Moon night

Getting a photo of the moon is a little different than getting your usual night shot. Typical night photography normally entails either using long exposures, or high ISOs (or both).

A moon shot (apologies to NASA) involves daylight exposures. Why you may ask? Our only natural satellite is at an average distance of about 238,000 miles from us. That may sound like a lot, but it’s just a stone’s throw away, astronomically speaking. Thus the light falling on the moon is essentially the same as the light during a sunny day here on Earth.

Now, if you want to get a photo of, say a landscape or a city scene at night with the moon in the background, then you’ll have to use more of a common nighttime exposure, but then the moon itself will be extremely overexposed and appear like a glowing orb in the sky.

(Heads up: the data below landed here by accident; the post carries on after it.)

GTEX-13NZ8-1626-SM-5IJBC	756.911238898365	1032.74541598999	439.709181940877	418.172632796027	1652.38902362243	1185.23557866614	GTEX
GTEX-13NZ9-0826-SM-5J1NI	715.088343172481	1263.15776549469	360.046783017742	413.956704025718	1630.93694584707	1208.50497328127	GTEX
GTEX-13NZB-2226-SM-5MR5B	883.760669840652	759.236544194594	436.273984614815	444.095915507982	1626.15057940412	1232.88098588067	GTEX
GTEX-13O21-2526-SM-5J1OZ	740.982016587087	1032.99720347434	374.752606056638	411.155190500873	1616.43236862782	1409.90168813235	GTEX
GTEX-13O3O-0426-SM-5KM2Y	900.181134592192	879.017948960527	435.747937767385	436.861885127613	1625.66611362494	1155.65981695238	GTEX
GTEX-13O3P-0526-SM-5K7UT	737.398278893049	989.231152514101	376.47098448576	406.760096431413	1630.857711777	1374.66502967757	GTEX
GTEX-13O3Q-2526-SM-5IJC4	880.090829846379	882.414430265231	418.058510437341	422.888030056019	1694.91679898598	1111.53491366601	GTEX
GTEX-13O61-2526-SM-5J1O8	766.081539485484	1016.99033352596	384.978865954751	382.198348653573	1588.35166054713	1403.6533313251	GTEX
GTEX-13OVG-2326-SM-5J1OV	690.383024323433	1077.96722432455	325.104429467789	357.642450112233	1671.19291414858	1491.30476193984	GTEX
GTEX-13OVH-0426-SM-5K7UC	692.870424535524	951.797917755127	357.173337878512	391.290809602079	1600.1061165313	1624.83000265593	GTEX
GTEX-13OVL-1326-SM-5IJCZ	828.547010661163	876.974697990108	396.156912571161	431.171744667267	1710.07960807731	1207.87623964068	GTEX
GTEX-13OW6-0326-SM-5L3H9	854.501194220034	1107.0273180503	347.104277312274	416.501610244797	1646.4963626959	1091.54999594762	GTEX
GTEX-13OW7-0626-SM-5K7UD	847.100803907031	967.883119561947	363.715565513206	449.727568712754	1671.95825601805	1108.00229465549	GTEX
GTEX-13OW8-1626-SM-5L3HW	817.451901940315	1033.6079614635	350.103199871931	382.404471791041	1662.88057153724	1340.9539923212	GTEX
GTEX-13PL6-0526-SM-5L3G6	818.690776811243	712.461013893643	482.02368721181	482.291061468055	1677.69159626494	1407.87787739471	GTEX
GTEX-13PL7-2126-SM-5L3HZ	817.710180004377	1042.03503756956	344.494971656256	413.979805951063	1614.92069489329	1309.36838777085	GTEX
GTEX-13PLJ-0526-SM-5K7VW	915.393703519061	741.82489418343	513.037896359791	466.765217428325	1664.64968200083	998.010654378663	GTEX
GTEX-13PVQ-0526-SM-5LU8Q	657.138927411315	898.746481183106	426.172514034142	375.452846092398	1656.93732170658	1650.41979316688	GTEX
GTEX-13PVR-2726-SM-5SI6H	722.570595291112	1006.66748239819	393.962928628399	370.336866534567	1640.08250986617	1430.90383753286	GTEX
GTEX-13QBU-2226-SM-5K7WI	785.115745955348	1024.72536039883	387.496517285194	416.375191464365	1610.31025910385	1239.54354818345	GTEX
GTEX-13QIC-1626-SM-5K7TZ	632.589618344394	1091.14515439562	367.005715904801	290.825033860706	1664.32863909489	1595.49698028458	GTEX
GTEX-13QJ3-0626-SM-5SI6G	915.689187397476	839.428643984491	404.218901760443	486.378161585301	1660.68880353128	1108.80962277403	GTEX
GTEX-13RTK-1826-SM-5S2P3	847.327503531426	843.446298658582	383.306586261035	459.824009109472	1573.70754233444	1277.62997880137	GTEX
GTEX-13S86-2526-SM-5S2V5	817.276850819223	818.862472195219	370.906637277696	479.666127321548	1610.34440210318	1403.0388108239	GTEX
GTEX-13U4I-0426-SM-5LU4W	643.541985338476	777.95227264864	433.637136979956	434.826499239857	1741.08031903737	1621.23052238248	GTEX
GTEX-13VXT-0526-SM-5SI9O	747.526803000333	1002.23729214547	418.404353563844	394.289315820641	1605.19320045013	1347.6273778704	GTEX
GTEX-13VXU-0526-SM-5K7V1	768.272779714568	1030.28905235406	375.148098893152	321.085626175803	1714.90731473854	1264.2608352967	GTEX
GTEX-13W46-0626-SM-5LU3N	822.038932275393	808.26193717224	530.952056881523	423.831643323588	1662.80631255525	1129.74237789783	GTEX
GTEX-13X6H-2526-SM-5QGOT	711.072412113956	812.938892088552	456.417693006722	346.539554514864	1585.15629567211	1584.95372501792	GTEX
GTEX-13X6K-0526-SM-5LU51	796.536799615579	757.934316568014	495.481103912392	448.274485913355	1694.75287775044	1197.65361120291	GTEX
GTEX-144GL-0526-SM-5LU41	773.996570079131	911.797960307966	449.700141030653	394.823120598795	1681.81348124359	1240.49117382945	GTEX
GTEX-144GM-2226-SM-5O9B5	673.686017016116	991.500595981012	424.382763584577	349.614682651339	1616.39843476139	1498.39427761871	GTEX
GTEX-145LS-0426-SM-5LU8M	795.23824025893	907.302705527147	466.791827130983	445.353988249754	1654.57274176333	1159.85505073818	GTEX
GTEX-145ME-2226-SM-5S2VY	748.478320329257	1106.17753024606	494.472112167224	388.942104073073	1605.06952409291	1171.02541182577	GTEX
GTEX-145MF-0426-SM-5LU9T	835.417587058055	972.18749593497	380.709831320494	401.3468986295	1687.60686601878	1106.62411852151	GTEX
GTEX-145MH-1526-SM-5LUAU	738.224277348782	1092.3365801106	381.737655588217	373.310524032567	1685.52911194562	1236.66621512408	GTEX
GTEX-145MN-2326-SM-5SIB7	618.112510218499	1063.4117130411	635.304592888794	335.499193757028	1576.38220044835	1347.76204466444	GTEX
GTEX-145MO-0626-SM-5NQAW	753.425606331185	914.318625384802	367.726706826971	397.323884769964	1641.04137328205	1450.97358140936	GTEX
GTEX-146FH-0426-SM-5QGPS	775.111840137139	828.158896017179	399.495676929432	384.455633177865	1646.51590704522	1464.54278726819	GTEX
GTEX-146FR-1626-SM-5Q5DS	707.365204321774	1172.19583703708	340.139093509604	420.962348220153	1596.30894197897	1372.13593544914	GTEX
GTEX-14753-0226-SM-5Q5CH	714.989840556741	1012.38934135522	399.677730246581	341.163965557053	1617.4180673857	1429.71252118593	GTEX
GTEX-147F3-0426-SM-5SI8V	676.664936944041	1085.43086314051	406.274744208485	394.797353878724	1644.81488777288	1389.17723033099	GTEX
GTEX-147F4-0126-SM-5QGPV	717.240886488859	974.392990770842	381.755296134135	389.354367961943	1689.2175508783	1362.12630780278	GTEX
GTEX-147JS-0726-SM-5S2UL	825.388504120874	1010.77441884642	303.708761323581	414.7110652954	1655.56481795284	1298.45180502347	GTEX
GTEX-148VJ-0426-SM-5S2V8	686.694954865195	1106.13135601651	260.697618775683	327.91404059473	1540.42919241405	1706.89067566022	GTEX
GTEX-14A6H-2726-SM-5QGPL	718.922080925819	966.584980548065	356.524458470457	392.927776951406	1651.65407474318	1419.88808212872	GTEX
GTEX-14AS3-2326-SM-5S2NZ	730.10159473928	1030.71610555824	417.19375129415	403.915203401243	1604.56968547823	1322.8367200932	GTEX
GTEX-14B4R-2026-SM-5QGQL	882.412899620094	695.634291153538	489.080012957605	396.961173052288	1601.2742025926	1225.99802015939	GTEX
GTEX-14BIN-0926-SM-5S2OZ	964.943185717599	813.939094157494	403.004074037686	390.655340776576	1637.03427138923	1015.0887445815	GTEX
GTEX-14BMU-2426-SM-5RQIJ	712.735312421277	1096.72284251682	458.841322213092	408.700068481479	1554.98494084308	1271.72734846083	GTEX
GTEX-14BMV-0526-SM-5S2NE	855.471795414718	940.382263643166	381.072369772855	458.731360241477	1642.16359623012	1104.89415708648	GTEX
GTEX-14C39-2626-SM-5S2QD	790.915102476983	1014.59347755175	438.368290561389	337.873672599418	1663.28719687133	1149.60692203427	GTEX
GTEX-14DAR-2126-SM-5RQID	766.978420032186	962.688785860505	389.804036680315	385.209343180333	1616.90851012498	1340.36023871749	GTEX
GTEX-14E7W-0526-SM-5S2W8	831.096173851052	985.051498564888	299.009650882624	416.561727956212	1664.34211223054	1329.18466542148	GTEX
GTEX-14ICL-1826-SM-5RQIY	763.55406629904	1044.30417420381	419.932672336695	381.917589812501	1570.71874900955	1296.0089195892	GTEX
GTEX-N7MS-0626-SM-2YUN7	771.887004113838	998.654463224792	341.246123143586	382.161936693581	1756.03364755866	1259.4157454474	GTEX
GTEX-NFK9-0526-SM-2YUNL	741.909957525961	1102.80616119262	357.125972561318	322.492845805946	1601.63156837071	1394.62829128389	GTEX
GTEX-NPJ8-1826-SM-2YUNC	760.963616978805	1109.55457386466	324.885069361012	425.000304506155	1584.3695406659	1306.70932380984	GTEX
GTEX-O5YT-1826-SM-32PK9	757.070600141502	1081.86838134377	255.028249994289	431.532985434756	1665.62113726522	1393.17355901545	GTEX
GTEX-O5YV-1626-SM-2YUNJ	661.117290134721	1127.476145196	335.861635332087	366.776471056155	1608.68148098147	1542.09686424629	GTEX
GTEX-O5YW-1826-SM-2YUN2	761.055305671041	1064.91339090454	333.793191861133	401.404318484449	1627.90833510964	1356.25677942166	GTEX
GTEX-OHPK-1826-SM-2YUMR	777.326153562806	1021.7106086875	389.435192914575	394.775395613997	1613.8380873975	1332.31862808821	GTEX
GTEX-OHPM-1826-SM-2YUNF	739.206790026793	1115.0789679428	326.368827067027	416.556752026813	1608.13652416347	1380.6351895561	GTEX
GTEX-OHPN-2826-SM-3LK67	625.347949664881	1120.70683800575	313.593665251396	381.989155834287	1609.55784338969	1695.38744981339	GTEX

The exception to that is to shoot in the early evening when the moon first rises when, for a short time, when the ambient light matches the exposure of the moon.


We are still accepting entries to the latest Reader’s Photo Challenge: Night.

Here are the rules:

1. Entries can be emailed to Type in “Night” in the subject line.

2. Photos have to be shot between Feb. 17 and Mar. 2.

3. Include your name (first and last), hometown, and the kind of camera/lens you used and where it was taken (ie: “Weber Avenue in downtown Stockton.”

4. If there is a recognizable person in the photo, please identify them (name, age, hometown).

5. The subject is up to you but it must be shot outdoors at night, any time after sunset to before sunrise. It can be a found situation or a created one.

6. Please feel free to include any interesting anecdotes or stories on how you took the picture.

7. The deadline for submission is Sunday, March 2. The top examples will be published on Monday, March 10 with an online gallery of all the photos on the same day.

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